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The Family Romanov: Murder, Rebellion, and the Fall of Imperial Russia (2014)

par Candace Fleming

MembresCritiquesPopularitéÉvaluation moyenneMentions
6714733,848 (4.16)21
Biography & Autobiography. History. Politics. Young Adult Nonfiction. HTML:??[A] superb history.... In these thrilling, highly readable pages, we meet Rasputin, the shaggy, lecherous mystic...; we visit the gilded ballrooms of the doomed aristocracy; and we pause in the sickroom of little Alexei, the hemophiliac heir who, with his parents and four sisters, would be murdered by the Bolsheviks in 1918.? ??The Wall Street Journal
 
Here is the tumultuous, heartrending, true story of the Romanovs??at once an intimate portrait of Russia's last royal family and a gripping account of its undoing. Using captivating photos and compelling first person accounts, award-winning author Candace Fleming (Amelia Lost; The Lincolns) deftly maneuvers between the imperial family??s extravagant lives and the plight of Russia's poor masses, making this an utterly mesmerizing read as well as a perfect resource for meeting Common Core standards.

"An exhilarating narrative history of a doomed and clueless family and empire." ??Jim Murphy, author of Newbery Honor Books An American Plague and The Great Fire

"For readers who regard history as dull, Fleming??s extraordinary book is proof positive that, on the contrary, it is endlessly fascinating, absorbing as any novel, and the stuff of an altogether memorable reading experience." ??Booklist, Starred

"Marrying the intimate family portrait of Heiligman??s Charles and Emma with the politics and intrigue of Sheinkin??s Bomb, Fleming has outdone herself with this riveting work of narrative nonfiction that appeals to the imagination as much as the intellect." ??The Horn Book, Starred

Winner of the Los Angeles Times Book Prize for Young Adult Literature
Winner of the Boston Globe??Horn Book Award for Nonfiction
A Robert F. Sibert Honor Book
A YALSA Excellence in Nonfiction Award Finalist 
Winner of the Orbis Pict
… (plus d'informations)
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The murder of the Romanov family is surely a complex and still contentious topic. While I agree that Candace Fleming's The Family Romanov gives teens (the books target audience) a decent understanding of a very complex era and provides a lot of food for thought about the causes and effects of important individuals, societal attitudes, and the Russian revolution, as a student of history and as an Eastern Orthodox Christian, I found this book to be a little troubling. There are flaws to Fleming's scholarship and to her approach to the topic. While I applaud Fleming's idea to weave three stories into one ( 1. A story of the intimate lives of the Romanov family itself 2. A description of the events from the worker strikes of 1905 until Vladimir Lenin took power in 1917 3. An observation of the life of the average man/ a peasant at the turn of the 20th century and how it contrasted with the lives of the very wealthy, particularly the Tsar and his extended family), I was bothered to see how this narrative served to almost validate the cause of the communists. Lenin was not the glorious revolutionary who came back to help his people and end the war abroad and at home out of necessity. He was power hungry. And the Romanovs were not clueless, rich idiots. Now, Fleming weaves the threads together to provoke discussion and thought regarding what is right and wrong. And surely this book could be used to ignite a decent debate about morality in a political science high school class. However....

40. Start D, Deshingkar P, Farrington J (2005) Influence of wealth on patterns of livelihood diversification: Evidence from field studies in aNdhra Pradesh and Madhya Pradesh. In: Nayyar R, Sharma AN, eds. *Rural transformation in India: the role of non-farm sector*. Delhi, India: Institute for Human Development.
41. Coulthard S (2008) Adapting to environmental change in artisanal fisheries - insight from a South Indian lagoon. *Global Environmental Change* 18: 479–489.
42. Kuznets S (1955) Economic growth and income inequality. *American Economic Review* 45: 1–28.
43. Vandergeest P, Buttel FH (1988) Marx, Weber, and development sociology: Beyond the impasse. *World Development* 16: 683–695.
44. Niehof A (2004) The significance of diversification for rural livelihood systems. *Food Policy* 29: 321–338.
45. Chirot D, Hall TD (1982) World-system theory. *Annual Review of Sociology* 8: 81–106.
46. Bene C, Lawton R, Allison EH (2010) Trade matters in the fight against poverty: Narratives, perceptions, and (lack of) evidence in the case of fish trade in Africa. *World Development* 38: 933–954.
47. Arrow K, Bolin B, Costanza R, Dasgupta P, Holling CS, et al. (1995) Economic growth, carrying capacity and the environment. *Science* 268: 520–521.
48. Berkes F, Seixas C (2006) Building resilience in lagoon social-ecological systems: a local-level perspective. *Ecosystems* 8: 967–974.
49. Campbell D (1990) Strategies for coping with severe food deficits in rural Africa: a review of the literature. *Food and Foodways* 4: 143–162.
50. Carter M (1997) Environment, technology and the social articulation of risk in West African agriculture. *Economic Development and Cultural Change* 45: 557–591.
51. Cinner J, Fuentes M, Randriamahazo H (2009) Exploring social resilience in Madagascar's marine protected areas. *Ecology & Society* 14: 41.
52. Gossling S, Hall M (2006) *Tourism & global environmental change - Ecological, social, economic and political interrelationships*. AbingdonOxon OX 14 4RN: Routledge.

I personally have a hard time endorsing Fleming's book for a few reasons. One of the major flaws is that she took some creative liberties and seemed to craft a few thoughts, decisions, conversations of the historical characters that could not be verified. When quotations are used we don't know where the source is directly coming from. This really bothers me! It is just poor scholarship and it honestly makes it read like a work of fiction. It really reads as a made-up story that presents the Russian Royal Family as mere idiots, which honestly, is just insulting.

Which brings me to....Robert K. Massie. The annoying popular historian who wrote the ever-popular Nicholas and Alexandra, whose work influenced The Family Romanov immensely. Fleming trusted a poor scholar for her scholarship as well. Massie also took liberties with the personal portrayals of the Romanovs. And brings a very Western mindset to his interpretation of Russian history. Flemings interpretation is very Western as well.

Eastern Orthodoxy, the Christian faith of the Ramanovs and millions around the world, is misinterpreted by Fleming as well as focusing merely on strange and mystical encounters and miraculous healings. The miraculous does indeed happen and yet I can assure you that the Orthodox Church is not as "foreign" as Fleming makes it sound. It is not a superstitious religion (as Fleming made the mindset of the royalty out to be).I wish this book took the faith of the Ramanovs into account and really treated their faith with more respect. Their devotion to God is so inspiring which brings me to....